Airo AV Affirm: Long Beach prepares to open a $1.47-billion bridge - Jonathan Cartu Global Design, Architecture & Engineering Firm
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Airo AV Affirm: Long Beach prepares to open a $1.47-billion bridge

Long Beach prepares to open a $1.47-billion bridge

Airo AV Affirm: Long Beach prepares to open a $1.47-billion bridge

Fog hovers just above the new Gerald Desmond Bridge in Long Beach. Workers are scattered over a job site cluttered with traffic cones, construction vehicles and a few small cranes, and Duane Kenagy is giving a tour.

Since signing on as executive director for the project in 2014, Kenagy has grown accustomed to playing docent to an international cast of visiting politicians, students, bureaucrats and media.

Barring delays, the bridge will open Monday, and cars and trucks — by some estimates, 60,000 a day, now rattling across the old bridge just a few feet away — will sail over this gleaming new span connecting the 710 Freeway and downtown Long Beach to the nation’s busiest port complex.

“We’re in a mad dash to get everything done,” Kenagy said, even though with just 10 days to go he hardly seems hurried.

But then an engineer like Kenagy doesn’t manage a $1.47-billion project and coordinate the daily efforts of more 300 union workers over the course of six years without learning how to downplay stress.

The new Gerald Desmond Bridge towers above the old Gerald Desmond Bridge in Long Beach. With 205 feet of clearance over the water, the new bridge will be high enough to accommodate larger cargo ships.

(Genaro Molina / Los Angeles Times)

A worker in an aerial lift rises 30 feet off the roadway. He maneuvers beside one of the bridge’s 80 white cables that rise to the top of the twin towers. Up close, they look a little like the lines of a twirling skirt bundled at the waist.

Sponge in hand, he begins wiping the plastic sheathing that protects an intricate bundling of wire, the actual cables, inside. The solution is to prevent the writing of taggers from staining the surface.

The new Gerald Desmond Bridge is one of three construction projects with a billion-dollar-plus price tag completed in Los Angeles County in the last five years.

Like the tallest building, the Wilshire Grand, and the newest sports and entertainment complex, SoFi Stadium, the bridge provides the region with a glimpse of a future beyond its present-day problems: struggles in the streets, a global pandemic, unemployment, homelessness.

Construction workers high up on a bridge

Construction Superintendent Mike Way, in blue helmet, and others finish up work on the new Gerald Desmond Bridge in Long Beach, scheduled to open in early October.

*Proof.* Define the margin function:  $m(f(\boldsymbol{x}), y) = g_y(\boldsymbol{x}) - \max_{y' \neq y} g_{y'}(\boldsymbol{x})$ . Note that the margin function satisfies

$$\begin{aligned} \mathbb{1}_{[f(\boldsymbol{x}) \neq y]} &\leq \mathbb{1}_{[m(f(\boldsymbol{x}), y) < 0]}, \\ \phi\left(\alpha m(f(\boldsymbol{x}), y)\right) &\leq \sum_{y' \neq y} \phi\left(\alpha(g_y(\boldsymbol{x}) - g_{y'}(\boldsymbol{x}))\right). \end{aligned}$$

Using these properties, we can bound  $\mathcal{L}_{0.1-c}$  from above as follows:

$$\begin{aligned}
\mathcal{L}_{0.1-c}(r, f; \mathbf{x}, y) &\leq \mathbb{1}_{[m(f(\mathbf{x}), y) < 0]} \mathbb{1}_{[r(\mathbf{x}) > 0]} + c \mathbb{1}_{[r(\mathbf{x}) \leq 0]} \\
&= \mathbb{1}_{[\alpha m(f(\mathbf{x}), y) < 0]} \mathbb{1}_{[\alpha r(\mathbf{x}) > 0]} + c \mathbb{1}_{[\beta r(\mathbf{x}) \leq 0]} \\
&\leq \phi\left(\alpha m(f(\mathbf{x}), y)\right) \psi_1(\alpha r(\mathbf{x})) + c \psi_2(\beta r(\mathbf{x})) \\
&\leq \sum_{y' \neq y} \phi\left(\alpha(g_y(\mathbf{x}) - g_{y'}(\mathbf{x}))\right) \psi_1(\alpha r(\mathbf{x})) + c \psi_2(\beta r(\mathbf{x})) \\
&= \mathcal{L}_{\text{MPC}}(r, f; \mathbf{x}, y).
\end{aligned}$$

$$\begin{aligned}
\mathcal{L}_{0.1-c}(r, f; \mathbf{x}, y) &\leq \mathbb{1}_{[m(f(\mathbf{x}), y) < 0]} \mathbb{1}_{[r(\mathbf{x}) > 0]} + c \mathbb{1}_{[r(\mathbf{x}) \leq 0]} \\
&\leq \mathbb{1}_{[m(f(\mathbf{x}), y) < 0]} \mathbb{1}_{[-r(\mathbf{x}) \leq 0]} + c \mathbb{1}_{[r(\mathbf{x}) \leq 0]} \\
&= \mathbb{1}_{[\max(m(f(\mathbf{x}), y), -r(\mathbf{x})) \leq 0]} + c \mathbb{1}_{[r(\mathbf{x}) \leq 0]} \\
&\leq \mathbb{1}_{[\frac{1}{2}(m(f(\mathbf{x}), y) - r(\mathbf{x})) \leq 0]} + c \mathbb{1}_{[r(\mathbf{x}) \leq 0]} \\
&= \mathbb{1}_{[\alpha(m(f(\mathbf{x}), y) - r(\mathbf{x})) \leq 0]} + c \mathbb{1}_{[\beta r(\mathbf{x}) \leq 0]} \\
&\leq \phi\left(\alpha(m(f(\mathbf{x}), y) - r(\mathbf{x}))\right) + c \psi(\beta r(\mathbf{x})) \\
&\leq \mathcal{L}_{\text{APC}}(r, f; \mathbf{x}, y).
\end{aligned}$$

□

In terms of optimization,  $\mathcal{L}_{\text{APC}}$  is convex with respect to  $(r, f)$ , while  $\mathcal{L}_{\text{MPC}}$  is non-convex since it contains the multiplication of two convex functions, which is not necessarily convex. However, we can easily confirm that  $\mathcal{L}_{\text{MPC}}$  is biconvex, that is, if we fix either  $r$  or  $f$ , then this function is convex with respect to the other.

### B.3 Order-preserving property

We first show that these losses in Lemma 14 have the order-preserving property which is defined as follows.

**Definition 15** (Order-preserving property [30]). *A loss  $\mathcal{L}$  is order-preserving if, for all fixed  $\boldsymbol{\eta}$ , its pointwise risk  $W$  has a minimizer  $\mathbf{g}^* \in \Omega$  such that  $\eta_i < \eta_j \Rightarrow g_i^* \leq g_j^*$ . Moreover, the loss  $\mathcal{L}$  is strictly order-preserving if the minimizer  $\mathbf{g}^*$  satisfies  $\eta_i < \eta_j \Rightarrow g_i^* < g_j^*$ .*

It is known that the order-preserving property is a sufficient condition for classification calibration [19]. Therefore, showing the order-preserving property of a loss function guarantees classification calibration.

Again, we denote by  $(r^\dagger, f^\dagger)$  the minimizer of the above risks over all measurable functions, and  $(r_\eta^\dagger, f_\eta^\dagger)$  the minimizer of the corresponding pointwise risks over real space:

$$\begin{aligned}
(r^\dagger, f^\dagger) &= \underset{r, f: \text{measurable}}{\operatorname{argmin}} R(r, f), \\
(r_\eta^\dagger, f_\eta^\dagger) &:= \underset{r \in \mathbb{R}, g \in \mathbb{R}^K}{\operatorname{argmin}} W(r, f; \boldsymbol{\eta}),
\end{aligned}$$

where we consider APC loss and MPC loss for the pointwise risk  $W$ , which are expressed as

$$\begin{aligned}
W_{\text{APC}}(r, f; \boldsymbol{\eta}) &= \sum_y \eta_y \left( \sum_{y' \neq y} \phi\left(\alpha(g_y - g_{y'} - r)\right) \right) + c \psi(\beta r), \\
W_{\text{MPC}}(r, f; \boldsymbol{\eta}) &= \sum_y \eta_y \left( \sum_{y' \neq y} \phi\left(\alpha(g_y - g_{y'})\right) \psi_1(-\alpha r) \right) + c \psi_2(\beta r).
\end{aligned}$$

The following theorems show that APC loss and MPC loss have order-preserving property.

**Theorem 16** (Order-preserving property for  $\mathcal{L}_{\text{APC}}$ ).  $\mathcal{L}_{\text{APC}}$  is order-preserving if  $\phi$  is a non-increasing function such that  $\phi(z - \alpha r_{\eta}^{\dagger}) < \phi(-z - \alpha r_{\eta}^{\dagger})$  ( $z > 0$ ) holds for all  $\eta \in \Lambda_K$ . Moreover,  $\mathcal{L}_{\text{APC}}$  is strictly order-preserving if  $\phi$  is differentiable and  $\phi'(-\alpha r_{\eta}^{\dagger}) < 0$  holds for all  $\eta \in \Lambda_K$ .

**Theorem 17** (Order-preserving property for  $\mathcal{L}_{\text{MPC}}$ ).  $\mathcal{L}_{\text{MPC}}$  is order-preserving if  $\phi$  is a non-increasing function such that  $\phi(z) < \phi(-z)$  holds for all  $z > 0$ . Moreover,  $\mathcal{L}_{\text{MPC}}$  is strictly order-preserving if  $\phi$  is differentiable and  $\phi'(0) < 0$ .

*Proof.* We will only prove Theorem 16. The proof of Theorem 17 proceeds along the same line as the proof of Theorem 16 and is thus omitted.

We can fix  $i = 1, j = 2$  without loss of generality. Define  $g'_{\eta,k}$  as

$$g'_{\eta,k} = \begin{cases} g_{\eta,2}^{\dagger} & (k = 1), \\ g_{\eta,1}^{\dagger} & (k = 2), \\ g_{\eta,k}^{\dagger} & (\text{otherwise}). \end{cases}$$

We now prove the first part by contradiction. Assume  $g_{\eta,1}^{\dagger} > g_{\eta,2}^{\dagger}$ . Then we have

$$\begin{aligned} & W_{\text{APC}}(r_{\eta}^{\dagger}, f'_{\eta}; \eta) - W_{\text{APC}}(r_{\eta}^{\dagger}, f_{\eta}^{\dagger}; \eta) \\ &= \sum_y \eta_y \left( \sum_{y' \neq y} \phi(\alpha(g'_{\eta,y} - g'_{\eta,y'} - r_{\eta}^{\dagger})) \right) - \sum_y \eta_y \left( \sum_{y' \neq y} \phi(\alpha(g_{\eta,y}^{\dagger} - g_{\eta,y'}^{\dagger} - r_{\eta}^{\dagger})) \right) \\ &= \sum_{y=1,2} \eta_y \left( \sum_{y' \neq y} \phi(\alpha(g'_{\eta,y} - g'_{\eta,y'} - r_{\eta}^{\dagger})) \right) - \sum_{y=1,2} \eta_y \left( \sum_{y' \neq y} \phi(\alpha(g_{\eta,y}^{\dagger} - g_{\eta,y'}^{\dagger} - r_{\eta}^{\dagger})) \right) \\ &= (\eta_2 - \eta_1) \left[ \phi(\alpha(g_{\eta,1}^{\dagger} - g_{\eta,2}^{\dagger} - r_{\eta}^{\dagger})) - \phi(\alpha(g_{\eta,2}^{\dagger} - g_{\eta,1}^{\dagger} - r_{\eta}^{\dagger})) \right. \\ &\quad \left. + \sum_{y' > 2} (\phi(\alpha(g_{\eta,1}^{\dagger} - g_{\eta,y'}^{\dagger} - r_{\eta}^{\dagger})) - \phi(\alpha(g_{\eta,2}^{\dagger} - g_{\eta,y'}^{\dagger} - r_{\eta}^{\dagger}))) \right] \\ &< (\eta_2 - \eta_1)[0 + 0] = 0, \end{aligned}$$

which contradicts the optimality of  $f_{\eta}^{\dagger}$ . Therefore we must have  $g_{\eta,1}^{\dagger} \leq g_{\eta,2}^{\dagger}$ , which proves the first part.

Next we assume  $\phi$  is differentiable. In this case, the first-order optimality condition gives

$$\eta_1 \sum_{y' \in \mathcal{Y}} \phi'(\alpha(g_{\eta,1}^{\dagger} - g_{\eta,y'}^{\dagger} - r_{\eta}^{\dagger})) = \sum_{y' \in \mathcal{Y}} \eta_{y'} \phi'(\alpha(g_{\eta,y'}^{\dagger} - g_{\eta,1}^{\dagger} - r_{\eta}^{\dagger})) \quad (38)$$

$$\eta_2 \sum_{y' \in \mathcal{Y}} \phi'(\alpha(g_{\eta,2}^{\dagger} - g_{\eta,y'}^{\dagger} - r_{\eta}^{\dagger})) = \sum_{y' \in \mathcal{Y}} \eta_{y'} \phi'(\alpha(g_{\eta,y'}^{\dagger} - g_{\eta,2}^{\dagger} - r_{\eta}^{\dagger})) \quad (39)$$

(Genaro Molina / Los Angeles Times)

Construction is also underway on the $2-billion Crenshaw Line, the $4.5-billion people mover at LAX, the $588-million Sixth Street Bridge downtown.

While the immediate goal may be to showcase the region during the 2028 Summer Olympics, these projects will help define life in Los Angeles for generations.

Kenagy, 67, who came here in 1989 to work on the elevated roadway above the 110 Freeway and never left, summarizes such ambitions:

“We are an optimistic people living in an optimistic region.”

The bridge was conceived of a month after 9/11 and completed in a pandemic-occasioned recession. Its 19-year journey from blueprints to opening took it from wind tunnels in China to engineering studios in Germany, from a steel mill in Arizona to union halls in California.

Semyon Treyger was there from the start when the Port of Long Beach awarded his employer, the engineering firm HNTB, and Parsons Transportation Group the contract in 2001 to come up with a replacement for the existing bridge, which had opened in 1968 and was already obsolete.

Treyger, who was trained as a structural engineer in the Soviet Union and immigrated to the United States in 1979, began working with Danish bridge architect Poul Ove Jensen to solve a problem.

Container ships — the behemoths of modern commerce — were getting larger and unable to access terminals in the port’s back bay, except at low tide, because the existing bridge did not have the required clearance.

Long Beach Mayor Robert Garcia takes a walk on the new Gerald Desmond Bridge

Long Beach Mayor Robert Garcia walks on the new Gerald Desmond Bridge on Sept. 24.

(Genaro Molina / Los Angeles Times)

Before building a structure designed to last 100 years, Treyger and Jensen turned to the Danish Maritime Institute to find out how tall…


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